Jose Neves, Farfetch Founder & CEOWeb Summit 2017, Lisbon, Portugal - 07 Nov 2017

José Neves is touting the benefits of the Farfetch platform in a retail world mixed and shut down by the coronavirus

“The vast majority of Farfetchers have been productively working from home,” the founder and chief executive officer said in a letter to shareholders Thursday. “Throughout this situation, we have been able to safely continue serving our consumers and this industry we love without any material impact to our operations and supply chain to date.”

While Farfetch started last year to move into the business of making goods and holding at least some inventory with the acquisition of the Off White licensee New Guards Group, the business is based off a platform approach, connecting buyers and sellers and coordinating the transaction.

That leaves Farfetch relatively well positioned in a world where inventory is suddenly a big problem, with stores closed and warehouses backed up with goods that will eventually be released into the market, likely at steep discounts.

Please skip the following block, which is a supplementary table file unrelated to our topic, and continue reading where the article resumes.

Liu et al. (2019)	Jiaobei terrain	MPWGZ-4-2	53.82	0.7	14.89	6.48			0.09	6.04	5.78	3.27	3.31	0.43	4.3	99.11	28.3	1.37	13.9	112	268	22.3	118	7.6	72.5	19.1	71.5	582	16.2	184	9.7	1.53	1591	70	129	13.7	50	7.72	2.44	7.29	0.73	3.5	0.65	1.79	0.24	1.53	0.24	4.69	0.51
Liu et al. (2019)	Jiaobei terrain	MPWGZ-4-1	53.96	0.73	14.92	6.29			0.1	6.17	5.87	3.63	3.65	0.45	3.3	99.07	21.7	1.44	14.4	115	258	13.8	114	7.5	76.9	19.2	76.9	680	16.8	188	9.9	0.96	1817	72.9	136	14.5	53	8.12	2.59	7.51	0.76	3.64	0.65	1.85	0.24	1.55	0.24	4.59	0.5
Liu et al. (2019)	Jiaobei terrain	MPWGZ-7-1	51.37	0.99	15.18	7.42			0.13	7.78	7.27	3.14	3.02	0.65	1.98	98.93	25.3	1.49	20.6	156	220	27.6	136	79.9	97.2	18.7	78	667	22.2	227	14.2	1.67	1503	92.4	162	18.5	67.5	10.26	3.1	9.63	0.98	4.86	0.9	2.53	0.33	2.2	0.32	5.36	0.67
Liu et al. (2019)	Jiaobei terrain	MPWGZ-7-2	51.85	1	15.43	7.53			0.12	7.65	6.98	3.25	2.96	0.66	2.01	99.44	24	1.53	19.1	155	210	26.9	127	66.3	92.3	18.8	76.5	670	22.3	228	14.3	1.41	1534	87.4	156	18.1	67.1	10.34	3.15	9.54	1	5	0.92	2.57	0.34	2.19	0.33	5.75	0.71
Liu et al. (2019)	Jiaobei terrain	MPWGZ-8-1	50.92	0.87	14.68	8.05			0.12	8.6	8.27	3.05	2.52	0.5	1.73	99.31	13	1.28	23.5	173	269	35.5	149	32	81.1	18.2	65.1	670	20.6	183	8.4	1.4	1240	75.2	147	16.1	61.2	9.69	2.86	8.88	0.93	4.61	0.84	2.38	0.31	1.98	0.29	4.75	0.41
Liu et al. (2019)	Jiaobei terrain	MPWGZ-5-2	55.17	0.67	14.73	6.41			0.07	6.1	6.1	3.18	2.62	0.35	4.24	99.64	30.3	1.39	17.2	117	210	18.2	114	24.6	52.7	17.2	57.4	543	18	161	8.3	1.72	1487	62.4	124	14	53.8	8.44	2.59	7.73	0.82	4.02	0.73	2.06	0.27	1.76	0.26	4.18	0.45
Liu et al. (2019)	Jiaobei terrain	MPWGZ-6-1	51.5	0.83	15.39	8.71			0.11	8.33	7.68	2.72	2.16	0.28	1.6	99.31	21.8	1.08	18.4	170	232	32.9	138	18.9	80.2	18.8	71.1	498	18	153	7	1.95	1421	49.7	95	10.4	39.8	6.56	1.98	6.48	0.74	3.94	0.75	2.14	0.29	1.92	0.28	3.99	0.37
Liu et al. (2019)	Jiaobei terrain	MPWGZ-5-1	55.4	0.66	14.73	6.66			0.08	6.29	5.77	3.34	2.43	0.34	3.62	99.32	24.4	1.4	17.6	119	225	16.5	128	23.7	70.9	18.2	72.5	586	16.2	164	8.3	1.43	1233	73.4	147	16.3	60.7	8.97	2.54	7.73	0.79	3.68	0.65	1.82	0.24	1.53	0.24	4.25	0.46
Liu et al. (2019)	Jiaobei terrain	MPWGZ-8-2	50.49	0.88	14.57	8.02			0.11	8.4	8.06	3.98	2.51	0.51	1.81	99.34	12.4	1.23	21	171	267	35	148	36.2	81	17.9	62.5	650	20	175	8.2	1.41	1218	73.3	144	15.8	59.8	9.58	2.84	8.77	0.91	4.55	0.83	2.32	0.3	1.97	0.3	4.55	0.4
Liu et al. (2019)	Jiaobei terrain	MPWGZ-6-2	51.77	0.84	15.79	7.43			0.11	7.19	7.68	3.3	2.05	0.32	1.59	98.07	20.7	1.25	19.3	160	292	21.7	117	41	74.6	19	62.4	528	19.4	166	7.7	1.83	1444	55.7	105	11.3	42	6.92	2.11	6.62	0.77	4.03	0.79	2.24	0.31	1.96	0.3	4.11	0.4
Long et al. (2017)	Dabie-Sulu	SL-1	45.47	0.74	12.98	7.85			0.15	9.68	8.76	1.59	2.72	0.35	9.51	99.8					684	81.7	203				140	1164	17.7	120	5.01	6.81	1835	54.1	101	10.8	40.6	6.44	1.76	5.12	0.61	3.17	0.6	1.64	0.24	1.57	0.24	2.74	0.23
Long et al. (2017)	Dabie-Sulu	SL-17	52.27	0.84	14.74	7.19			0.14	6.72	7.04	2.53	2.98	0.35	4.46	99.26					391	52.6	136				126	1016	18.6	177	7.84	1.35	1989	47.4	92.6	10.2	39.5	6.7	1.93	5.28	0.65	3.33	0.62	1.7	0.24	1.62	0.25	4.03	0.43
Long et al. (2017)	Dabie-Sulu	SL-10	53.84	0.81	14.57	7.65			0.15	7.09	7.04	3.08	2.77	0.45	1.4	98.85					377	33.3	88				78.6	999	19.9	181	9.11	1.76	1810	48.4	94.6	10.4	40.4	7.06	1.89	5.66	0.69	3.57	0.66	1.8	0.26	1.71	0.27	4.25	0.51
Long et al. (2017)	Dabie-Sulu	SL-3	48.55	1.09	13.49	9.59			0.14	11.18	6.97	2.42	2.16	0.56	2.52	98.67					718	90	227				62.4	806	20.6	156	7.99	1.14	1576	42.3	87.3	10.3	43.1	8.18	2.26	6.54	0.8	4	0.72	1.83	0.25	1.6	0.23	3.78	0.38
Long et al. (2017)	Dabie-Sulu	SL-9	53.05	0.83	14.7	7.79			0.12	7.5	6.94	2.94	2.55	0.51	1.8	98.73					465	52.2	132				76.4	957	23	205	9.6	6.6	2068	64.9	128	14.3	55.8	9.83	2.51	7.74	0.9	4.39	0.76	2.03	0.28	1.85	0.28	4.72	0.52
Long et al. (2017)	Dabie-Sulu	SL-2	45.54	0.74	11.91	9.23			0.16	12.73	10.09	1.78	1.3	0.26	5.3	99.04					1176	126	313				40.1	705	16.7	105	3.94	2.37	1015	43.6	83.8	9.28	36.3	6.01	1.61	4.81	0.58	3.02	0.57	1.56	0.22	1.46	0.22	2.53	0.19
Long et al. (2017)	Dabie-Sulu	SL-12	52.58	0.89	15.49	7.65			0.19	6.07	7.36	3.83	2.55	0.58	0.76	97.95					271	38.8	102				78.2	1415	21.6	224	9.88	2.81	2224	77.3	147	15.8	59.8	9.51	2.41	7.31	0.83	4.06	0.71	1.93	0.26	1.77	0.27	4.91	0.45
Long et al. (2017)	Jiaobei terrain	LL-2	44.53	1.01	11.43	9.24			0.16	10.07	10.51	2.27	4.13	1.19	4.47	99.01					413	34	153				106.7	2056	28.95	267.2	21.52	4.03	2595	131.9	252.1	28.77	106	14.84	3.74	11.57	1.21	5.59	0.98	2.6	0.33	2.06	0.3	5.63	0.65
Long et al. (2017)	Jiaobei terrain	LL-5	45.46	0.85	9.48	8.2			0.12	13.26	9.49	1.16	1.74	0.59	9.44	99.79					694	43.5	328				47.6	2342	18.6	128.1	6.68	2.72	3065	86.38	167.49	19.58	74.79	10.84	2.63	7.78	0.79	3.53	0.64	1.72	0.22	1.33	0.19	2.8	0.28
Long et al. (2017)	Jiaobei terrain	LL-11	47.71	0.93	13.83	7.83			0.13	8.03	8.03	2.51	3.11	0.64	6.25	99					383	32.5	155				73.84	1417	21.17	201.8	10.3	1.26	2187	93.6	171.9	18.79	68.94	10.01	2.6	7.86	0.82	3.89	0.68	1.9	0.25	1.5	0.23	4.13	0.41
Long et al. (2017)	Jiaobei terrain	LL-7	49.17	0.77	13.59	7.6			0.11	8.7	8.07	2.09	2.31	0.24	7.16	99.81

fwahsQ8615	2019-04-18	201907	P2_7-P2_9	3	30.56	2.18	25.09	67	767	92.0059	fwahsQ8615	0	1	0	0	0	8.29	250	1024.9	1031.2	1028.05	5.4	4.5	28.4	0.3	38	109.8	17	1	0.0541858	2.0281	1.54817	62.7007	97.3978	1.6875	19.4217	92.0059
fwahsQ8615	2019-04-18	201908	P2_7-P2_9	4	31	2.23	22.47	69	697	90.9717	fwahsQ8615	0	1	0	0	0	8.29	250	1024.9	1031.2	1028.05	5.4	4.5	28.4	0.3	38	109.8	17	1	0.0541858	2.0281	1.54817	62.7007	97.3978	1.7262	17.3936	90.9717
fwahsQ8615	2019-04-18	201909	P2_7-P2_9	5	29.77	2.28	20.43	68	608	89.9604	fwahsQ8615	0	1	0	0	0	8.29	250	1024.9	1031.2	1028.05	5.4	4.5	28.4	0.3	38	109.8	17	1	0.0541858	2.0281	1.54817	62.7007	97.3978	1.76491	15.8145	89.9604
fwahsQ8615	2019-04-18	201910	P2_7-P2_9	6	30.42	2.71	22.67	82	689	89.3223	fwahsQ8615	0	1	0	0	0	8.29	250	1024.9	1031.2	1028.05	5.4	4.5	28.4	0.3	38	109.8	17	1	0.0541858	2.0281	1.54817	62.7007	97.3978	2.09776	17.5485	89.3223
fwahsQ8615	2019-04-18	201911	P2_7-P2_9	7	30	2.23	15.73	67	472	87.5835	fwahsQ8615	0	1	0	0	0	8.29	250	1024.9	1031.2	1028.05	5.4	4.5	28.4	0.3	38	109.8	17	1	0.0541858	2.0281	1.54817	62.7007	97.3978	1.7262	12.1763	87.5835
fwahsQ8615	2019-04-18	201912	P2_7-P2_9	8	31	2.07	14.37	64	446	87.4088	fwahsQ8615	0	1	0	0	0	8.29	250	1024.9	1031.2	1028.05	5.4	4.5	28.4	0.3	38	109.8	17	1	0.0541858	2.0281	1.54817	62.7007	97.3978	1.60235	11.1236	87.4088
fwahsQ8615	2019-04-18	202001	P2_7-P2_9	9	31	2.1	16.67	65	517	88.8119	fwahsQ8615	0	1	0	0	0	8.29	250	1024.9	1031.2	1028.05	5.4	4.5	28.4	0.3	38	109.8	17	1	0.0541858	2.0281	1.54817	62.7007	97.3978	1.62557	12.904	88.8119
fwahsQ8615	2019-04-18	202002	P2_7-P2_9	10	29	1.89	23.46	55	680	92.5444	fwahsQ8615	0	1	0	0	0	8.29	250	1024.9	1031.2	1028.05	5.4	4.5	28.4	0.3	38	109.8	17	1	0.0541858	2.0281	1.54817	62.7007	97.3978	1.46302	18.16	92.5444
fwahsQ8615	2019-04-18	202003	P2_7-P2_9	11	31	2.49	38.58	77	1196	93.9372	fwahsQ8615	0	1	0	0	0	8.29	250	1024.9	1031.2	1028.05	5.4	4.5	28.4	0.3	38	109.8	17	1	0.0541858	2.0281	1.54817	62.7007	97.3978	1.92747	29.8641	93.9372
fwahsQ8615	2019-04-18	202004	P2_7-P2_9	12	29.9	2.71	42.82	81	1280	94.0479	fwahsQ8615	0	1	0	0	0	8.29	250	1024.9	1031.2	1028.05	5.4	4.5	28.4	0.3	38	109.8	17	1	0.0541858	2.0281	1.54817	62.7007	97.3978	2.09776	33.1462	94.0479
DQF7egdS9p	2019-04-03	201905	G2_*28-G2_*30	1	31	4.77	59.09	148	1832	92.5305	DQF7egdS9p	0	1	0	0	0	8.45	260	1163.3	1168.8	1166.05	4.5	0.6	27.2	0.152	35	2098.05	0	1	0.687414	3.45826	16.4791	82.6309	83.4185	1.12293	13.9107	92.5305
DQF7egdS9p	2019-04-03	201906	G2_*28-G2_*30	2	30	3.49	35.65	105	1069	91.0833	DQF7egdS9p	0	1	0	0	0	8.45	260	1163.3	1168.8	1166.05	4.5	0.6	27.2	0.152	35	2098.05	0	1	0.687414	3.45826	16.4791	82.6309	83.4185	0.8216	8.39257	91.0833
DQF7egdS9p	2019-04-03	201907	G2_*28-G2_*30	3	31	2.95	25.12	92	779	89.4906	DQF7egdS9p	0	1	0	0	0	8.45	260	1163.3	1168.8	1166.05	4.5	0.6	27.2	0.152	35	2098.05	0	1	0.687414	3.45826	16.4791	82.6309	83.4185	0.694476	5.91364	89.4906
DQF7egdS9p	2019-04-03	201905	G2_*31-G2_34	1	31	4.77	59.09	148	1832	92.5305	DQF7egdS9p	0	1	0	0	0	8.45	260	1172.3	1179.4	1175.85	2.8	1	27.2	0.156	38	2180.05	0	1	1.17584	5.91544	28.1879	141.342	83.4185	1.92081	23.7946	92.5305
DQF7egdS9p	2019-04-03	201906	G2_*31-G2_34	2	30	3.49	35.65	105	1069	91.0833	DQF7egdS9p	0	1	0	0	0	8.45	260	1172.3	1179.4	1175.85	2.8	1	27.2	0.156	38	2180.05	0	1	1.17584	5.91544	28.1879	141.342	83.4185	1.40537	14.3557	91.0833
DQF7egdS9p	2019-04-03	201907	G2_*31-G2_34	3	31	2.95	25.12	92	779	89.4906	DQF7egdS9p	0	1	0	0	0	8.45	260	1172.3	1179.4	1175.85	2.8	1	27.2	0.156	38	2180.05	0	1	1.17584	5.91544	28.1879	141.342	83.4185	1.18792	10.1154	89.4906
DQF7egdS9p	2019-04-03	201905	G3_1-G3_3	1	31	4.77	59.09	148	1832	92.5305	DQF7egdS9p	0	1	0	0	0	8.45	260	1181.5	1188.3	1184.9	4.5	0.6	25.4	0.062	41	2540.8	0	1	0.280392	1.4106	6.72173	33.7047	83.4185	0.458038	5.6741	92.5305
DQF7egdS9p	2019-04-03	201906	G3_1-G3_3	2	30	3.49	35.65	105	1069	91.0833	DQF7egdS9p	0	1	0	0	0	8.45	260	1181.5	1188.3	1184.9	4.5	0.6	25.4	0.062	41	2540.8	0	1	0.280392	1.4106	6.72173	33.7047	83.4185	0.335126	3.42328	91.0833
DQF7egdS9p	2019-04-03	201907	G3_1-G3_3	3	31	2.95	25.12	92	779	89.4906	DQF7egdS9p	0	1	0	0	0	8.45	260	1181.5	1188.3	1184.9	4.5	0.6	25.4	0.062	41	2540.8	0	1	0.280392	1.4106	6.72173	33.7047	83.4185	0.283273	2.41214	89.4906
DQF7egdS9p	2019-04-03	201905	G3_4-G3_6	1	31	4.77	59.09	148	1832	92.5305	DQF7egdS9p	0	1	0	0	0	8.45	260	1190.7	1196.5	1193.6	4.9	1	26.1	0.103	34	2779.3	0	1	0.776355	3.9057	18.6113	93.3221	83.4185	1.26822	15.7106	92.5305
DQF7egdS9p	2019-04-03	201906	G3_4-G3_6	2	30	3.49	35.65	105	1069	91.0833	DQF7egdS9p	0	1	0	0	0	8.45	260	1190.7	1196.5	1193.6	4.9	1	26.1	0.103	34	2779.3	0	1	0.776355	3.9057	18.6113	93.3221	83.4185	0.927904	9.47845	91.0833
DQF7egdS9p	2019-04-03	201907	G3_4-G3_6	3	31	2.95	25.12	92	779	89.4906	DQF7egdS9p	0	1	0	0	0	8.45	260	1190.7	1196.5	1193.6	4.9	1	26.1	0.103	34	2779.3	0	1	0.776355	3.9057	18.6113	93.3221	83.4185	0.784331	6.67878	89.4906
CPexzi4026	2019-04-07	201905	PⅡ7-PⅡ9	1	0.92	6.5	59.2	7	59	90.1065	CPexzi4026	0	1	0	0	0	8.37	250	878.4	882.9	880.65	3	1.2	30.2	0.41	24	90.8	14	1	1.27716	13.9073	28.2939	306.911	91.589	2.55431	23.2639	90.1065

But Neves noted Farfetch was born into chaos and is performing well now.

“When I launched Farfetch it was October 2008,” he said. “Two weeks later, Lehman Brothers collapsed, triggering the avalanche which led to the Great Recession. Through that challenging economic period, it became clear that Farfetch’s mission transcended being the global platform for luxury fashion, and that by connecting curators of fashion with consumers all around the world, we were enabling retailers to navigate those turbulent times in 2008 and 2009….Today…I see that same platform DNA coming to life in an even more salient way.”

Still, there have been disruptions. Two-hundred of Farfetch’s 1,200 sellers are offline, but the company’s fulfillment operations in the U.K., Italy, United States and China have remained operational.

And Neves said: “Delays in the deliveries of fall-winter 2020 merchandise due to manufacturing shutdowns will impact our sellers’ inventory levels. We expect to see delays in deliveries to boutiques, although we also expect e-concession channels such as our marketplace to be prioritized by brands given the higher profitability vis-à-vis wholesale.”

The ceo, like others, sees COVID-19 accelerating the shift to online, but said it was unclear just when that move would offset the headwind of consumer sentiment.  

Farfetch expects its gross merchandise volume for the first quarter ended March 31 to grow by 43 percent to 46 percent.

The quarter’s adjusted losses before interest, taxes, depreciation and amortization are expected to range from $21 million to $25 million. 

Farfetch has suspended its 2020 fiscal guidance, but is sticking to its plan to post adjusted earnings before interest, taxes, depreciation and amortization for the full year in 2021.